More than 3,700 buyers and suppliers of industrial products and services, including more than 1,600 professionals from manufacturing companies, participated in the latest IMB. The research looked at their performance during 2011, their outlook for 2012, and their growth strategies. Most of these respondents are from small and mid-sized businesses, representative of the manufacturing sector. Responses of the 1,600 manufacturers, combined with verbatim comments, provide color on the aspirations and challenges of today's manufacturing professionals.
"Manufacturers know that they do more than sell products or provide services; they play a vital role in the growth of the American economy," says Eileen Markowitz, president of Thomas Industrial Network. "Their success is critical to the success of America. And as we can see from this report, the future is looking bright for all of us."
2011 was a year of growth for American manufacturers. According to the survey, more than half of these companies (53 percent) grew, and three-quarters of respondents (75 percent) expect their companies to grow during 2012. They attribute this growth to a wide variety of strategies, including a focus on customer retention and service, competing more aggressively in core markets, developing new/innovative products, and pursuing new business in the U.S. and overseas.
This level of growth is igniting a new wave of investments among manufacturers preparing to meet future demand. They are spending on capital equipment, hardware, software and facilities in order to increase production capacity (83 percent), upgrading their plants, and developing new products/services.
In addition, nearly half of these manufacturers (48 percent) are hiring, with openings for line workers, skilled trade workers, and engineers. But for many manufacturers, finding the best people to fill these new positions is far from assured. Respondents to ThomasNet.com's IMB lament the skilled labor shortage, and are vocal about what needs to be done to fill the gap:
• "Not everyone needs a college degree; we really need highly trained and motivated blue-collar workers."
• "Improve the attitude within the U.S. regarding the desirability of manufacturing for the next generation."
• "Create apprentice programs in industry to equip the youth with the needed tools to pick up manufacturing knowledge. The development of skilled trades to run machines needs focus to keep manufacturing processes going."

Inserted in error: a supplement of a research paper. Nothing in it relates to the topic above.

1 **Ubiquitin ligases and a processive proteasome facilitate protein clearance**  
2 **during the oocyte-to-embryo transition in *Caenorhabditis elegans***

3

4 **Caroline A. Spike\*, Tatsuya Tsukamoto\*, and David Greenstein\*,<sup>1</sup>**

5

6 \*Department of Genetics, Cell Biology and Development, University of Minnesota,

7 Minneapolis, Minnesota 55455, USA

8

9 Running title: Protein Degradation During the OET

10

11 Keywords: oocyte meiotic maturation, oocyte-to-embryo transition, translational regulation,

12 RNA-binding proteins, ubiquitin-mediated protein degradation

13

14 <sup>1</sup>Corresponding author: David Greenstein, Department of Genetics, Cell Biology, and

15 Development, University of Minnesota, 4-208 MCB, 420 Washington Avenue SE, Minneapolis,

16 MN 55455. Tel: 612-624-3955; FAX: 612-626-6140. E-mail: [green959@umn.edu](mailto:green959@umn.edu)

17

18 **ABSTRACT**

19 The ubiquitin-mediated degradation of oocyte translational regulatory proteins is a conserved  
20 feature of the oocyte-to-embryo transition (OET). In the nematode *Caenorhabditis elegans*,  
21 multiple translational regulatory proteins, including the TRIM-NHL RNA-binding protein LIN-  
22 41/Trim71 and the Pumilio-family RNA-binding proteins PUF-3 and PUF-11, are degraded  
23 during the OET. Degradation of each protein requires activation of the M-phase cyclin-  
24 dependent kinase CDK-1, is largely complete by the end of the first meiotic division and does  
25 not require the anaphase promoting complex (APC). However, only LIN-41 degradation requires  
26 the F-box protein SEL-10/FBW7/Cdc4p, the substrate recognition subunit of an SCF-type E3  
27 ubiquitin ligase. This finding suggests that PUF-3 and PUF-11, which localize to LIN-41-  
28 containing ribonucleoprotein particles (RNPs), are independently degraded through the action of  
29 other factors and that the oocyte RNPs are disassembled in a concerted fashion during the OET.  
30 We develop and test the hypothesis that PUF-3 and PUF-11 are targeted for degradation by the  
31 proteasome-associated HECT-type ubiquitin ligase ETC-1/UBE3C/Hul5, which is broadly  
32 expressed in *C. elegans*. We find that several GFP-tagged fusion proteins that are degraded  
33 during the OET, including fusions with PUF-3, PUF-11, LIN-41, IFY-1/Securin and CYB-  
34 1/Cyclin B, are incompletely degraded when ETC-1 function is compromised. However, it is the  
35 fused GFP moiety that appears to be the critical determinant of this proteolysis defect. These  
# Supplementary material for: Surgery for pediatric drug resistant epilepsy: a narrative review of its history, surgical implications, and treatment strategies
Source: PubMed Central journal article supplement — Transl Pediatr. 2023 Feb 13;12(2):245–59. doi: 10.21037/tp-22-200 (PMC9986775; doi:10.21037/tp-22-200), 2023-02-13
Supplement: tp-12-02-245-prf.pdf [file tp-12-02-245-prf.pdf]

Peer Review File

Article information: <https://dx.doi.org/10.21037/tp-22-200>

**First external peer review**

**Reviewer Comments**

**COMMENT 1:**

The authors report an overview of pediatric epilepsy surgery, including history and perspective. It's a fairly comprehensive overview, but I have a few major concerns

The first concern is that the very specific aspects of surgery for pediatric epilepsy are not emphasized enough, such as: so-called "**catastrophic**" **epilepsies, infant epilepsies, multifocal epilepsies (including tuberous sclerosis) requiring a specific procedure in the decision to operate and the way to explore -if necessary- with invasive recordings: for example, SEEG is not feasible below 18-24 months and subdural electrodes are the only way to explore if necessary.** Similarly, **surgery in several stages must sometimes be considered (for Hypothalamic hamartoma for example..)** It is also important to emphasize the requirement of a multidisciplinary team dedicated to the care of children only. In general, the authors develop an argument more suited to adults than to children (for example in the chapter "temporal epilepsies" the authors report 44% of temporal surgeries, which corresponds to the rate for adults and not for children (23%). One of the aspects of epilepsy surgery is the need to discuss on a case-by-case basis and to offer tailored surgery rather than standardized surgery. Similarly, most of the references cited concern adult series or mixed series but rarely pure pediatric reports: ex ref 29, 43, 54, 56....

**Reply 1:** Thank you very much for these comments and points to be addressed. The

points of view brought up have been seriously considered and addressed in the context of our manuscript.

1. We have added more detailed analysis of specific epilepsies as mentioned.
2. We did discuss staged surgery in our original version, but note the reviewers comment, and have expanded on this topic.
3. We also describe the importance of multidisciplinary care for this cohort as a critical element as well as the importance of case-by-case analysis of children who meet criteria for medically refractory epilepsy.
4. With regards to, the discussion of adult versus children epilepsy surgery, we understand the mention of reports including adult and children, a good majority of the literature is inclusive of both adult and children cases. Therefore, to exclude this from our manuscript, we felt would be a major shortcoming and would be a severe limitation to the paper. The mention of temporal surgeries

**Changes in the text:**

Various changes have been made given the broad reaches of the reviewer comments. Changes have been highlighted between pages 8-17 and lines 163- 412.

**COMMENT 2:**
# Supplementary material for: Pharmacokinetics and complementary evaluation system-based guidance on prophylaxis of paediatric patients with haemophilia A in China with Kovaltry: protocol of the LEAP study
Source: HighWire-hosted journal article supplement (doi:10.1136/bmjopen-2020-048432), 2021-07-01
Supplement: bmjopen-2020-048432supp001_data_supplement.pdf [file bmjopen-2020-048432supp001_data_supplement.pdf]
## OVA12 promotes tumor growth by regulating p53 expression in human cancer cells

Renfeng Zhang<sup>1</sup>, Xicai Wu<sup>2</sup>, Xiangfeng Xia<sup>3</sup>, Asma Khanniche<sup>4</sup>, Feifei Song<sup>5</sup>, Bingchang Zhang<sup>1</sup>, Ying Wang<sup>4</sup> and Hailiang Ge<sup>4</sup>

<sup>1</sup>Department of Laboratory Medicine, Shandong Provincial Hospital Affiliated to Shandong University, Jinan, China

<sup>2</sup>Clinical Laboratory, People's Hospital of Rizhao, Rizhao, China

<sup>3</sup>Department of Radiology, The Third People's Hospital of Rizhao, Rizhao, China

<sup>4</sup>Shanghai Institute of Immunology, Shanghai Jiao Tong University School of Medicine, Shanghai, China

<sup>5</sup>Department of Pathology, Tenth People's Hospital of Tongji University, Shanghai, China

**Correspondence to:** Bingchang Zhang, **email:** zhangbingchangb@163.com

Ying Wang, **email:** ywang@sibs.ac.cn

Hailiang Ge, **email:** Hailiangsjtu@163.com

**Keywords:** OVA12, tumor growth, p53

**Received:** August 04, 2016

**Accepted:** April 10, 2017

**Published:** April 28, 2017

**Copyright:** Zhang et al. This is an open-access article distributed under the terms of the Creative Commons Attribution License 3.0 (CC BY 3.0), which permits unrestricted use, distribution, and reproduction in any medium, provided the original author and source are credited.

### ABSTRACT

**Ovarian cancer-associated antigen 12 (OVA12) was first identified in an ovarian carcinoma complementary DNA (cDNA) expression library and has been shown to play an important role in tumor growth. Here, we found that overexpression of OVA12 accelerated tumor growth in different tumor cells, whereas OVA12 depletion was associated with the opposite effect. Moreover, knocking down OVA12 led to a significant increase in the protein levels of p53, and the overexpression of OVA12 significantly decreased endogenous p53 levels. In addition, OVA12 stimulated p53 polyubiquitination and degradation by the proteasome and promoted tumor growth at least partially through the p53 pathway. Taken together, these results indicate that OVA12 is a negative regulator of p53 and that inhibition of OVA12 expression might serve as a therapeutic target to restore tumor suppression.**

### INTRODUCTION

In addition to the skilled labor shortage, manufacturers point to pricing pressures and overseas competition as challenges to growth. China's ability to pay lower wages and charge less for products is a thorn in the side of many. In response, U.S. manufacturing companies are capitalizing on the meaning of the "Made in America" brand.
Respondents to ThomasNet.com's IMB are also capitalizing on America's reputation for quality by ramping up their exports. Nearly 7 out of 10 (67 percent) are selling overseas, and more than one-third of them (37 percent) plan to increase their international sales.
To reach new clients, overseas and at home, nearly nine out of 10 respondents (86 percent) are investing in online marketing this year, and more than half (52 percent) are increasing these investments. They report that their websites have helped them find new sources of business, improve customer service, and increase revenues.
With successes like these, manufacturers are bullish on their own careers. Nearly eight out of 10 (75.5 percent) would "do it all over again" if they were just starting out. They want younger generations to appreciate manufacturing, too. One respondent notes: "There is a need for excitement to be found in creating something tangible, from engineering and design to the finished product."
Click here to download a complimentary report on the IMB findings.
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